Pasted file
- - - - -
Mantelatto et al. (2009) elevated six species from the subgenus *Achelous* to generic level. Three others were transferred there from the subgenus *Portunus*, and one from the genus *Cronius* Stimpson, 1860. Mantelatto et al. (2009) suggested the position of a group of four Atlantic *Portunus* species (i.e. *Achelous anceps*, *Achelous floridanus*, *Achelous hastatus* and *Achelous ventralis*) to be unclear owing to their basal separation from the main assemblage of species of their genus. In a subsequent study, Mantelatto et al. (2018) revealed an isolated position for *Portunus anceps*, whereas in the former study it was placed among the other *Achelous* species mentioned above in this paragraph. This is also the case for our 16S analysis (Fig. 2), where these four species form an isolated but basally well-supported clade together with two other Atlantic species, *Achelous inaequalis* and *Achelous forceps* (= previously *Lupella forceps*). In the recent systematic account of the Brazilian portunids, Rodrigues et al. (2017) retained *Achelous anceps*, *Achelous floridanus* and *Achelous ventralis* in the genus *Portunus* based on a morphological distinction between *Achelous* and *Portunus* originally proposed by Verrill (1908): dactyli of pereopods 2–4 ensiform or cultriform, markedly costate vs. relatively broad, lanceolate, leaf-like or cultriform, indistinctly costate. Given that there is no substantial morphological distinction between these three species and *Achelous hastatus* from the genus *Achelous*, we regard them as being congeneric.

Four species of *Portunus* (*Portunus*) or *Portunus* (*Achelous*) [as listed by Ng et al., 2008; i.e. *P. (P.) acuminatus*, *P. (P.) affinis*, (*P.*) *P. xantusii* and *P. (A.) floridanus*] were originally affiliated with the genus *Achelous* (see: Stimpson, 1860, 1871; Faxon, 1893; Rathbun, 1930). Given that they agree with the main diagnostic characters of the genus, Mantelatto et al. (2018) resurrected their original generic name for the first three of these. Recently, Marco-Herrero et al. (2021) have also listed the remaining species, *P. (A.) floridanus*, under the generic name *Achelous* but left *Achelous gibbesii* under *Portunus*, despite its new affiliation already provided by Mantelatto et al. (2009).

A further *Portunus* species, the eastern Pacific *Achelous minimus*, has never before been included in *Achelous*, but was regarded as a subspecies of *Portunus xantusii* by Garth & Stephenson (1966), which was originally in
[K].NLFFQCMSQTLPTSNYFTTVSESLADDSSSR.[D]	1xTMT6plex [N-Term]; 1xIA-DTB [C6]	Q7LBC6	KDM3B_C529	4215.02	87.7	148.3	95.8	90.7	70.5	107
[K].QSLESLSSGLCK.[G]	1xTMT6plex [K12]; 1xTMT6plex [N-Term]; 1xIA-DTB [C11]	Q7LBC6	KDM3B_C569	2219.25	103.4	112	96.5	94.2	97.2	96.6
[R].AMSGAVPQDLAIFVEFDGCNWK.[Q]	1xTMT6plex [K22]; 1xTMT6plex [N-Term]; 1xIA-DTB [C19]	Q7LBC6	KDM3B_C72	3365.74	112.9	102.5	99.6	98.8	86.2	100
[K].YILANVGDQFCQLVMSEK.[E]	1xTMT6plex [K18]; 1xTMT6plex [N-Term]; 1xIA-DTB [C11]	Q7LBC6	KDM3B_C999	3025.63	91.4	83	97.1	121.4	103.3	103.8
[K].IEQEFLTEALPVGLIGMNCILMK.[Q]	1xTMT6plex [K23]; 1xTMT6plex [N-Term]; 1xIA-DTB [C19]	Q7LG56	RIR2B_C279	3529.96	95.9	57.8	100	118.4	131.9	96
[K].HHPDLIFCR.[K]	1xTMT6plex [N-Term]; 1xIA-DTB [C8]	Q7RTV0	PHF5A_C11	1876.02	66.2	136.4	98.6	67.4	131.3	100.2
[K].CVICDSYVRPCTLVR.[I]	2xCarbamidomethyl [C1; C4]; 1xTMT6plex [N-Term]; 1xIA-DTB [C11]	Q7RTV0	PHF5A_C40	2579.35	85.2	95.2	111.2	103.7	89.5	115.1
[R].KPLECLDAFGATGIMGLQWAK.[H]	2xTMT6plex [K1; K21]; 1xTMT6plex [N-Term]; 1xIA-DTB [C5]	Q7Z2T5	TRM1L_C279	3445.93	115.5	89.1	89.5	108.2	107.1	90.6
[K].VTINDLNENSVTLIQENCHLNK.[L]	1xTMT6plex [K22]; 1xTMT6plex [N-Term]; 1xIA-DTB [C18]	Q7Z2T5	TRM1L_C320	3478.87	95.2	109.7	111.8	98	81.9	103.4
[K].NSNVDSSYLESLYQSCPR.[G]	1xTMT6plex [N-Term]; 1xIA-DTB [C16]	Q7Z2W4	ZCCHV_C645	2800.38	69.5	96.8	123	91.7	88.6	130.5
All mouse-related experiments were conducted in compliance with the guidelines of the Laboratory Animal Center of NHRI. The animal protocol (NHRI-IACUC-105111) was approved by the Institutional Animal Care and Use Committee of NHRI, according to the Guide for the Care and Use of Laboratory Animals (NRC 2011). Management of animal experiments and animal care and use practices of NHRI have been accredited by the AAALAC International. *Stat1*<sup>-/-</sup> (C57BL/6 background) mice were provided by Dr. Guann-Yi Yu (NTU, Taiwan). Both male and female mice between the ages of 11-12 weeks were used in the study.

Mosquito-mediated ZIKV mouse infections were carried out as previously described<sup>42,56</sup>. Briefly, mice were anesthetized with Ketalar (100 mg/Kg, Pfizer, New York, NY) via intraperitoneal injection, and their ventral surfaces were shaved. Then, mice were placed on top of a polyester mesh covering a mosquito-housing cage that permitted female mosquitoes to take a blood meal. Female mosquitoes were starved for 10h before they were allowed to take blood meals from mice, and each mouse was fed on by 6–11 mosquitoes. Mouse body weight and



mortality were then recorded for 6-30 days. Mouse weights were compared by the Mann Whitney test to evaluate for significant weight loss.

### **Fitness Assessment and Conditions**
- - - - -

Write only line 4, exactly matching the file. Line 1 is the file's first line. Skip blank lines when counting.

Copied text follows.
[K].NLFFQCMSQTLPTSNYFTTVSESLADDSSSR.[D]	1xTMT6plex [N-Term]; 1xIA-DTB [C6]	Q7LBC6	KDM3B_C529	4215.02	87.7	148.3	95.8	90.7	70.5	107